Health in America
Health in America
Health in America

Health Insurance

1950s advertisement for Blue Cross and Blue Shield companies, which provide health insurance for millions of Americans.

Exorbitant medical bills are a relatively new problem for families. One hundred years ago, health insurance didn't exist and most families treated routine illness with home remedies. The problem of paying medical bills began in the early 20th century when doctors became better at curing disease and hospitals changed their focus from charity to patients who could pay.

Employers and unions alleviated health care costs by providing group insurance and hospitals created the Blue Cross system to cover hospital care. In the 1930s and 40s, liberals and unions pushed for national health insurance, but were defeated by an alliance of conservatives, anti-Communists and the American Medical Association. Access increased in 1965 with the passage of Medicare for the elderly and Medicaid for the poor. The federal government also became a significant player in supporting medical and pharmaceutical research.

Your Social Security – poster issued in 1968 to advertise the availability of Medicare.

Just as we spend more today on a gallon of milk than we did 20 years ago, we spend more for the same medical services than in years past. But medical price inflation is outpacing general inflation and is driving 51 percent of the growth in health care spending. Increasing numbers of patients challenged by obesity, smoking, drug abuse, poor nutrition and physical inactivity contribute to an increase in the use of, and cost of health care. More than 75% of health care costs are due to chronic diseases, such as heart disease, cancer, stroke, diabetes and arthritis.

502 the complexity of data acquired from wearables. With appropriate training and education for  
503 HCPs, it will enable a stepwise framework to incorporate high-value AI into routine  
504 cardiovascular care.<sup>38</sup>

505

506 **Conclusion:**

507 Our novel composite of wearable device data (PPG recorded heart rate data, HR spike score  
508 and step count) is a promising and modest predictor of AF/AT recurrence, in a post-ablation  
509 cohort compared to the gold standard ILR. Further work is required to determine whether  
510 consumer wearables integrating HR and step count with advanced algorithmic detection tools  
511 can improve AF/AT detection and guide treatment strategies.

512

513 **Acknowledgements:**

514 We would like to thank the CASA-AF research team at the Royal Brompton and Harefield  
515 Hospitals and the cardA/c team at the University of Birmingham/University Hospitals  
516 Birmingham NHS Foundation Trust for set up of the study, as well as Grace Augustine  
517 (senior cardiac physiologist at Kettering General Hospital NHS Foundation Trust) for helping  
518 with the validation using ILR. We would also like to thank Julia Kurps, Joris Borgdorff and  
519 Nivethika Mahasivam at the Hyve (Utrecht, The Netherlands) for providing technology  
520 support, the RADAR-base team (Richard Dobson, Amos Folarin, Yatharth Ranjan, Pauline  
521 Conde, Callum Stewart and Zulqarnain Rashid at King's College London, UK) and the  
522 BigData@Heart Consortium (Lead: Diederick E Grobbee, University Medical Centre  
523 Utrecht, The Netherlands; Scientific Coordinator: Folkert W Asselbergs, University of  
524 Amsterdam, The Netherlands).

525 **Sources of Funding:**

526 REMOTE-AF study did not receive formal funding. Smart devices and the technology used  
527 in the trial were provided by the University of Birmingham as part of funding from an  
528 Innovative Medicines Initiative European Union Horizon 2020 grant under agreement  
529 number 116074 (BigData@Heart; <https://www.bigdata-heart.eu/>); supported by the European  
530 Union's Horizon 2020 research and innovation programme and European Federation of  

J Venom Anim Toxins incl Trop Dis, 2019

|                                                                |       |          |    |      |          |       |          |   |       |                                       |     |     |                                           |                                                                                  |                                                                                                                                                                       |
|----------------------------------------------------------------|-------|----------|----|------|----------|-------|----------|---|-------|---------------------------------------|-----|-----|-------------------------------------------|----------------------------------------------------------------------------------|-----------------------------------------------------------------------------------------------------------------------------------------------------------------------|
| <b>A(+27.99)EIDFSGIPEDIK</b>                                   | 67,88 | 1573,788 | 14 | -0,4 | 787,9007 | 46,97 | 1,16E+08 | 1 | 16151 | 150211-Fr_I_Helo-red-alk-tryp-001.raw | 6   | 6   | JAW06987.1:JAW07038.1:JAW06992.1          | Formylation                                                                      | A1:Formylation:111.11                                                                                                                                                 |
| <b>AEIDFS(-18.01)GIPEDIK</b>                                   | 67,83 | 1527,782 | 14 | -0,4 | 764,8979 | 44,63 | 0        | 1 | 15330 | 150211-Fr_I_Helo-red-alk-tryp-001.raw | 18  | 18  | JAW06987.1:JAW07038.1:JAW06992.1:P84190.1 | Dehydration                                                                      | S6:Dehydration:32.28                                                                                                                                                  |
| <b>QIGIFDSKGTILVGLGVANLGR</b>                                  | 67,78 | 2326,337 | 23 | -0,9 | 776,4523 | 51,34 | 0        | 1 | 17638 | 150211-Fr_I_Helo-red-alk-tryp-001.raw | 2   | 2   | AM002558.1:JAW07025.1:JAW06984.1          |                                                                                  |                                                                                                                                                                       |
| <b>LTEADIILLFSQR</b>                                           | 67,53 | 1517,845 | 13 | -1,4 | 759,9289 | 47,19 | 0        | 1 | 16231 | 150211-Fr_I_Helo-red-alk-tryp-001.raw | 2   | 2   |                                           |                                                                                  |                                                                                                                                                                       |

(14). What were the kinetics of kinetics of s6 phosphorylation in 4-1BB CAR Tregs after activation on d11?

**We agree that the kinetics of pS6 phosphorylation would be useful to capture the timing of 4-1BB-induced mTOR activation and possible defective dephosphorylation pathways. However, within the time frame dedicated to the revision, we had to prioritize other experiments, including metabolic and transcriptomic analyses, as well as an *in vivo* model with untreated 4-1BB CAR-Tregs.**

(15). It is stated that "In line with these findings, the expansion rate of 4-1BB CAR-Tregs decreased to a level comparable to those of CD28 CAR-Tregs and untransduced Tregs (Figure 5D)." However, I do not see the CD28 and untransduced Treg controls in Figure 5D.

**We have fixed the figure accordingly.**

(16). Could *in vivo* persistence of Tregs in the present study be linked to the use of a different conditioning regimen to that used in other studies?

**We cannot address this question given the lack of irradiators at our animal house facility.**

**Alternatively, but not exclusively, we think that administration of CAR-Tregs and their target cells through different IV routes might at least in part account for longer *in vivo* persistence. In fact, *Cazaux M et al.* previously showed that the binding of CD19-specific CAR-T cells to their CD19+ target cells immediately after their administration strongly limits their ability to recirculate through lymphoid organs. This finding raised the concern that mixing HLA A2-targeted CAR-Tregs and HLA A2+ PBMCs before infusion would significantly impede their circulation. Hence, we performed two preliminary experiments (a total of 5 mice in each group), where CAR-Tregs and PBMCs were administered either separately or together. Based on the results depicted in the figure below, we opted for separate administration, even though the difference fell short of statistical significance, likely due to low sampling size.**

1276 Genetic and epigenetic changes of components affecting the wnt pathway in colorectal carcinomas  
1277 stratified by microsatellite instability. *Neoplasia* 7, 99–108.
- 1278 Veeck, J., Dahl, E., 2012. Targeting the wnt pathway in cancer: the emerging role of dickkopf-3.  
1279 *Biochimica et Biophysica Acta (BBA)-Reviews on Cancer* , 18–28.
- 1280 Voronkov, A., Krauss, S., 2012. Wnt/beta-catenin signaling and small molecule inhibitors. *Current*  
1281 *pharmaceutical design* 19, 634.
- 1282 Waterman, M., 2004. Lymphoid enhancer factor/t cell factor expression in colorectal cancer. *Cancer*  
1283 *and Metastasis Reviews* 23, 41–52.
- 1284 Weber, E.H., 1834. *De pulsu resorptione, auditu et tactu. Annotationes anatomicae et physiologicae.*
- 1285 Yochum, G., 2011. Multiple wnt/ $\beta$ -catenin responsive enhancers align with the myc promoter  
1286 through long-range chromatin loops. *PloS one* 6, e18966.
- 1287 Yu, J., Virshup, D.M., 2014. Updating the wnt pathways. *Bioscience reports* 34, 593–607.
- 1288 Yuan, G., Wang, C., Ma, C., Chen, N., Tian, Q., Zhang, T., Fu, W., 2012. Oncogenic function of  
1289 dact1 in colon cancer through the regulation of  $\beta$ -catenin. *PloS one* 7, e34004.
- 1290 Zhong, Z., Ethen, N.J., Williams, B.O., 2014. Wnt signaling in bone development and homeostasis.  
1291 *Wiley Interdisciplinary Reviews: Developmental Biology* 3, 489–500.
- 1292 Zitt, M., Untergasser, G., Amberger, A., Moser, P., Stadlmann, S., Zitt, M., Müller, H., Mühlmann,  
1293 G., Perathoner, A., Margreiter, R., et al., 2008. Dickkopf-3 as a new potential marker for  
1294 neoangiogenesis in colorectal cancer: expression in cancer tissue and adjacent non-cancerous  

But these diseases are not caused simply by personal choices. As a Centers for Disease Control report notes, the social determinants of inequalities in health, "such as community design, housing, employment, access to health care, access to healthy foods, environmental pollutants and occupational safety" contribute greatly to the personal choices that lead to chronic disease. Industries, such as fast food, asbestos, tobacco and lead, are also responsible for rising costs. Sky-rocketing medical bills have also resulted from the cost of prescription drugs - particularly specialty drugs; government mandates; fraud and abuse; "defensive medicine" and, preventable medical errors.

Employers, union benefits funds and private health insurance plans have struggled to cover these costs. Today, health costs are the leading cause of bankruptcy. In an attempt to expand insurance coverage, Congress passed the Patient Protection and Affordable Care Act in 2010. This federal health care reform is intended to increase the number of Americans who are insured by expanding Medicaid and providing subsidies to eligible individuals so they can afford to purchase private insurance.

President Obama’s signature on the Patient Protection and Affordability Act, 2010.
AIDS support group ACT UP protests against New York’s health care crisis.
Illustration showing how health insurance protected families against destitution and sickness, appeared in the American Labor Legislation Review, 1919.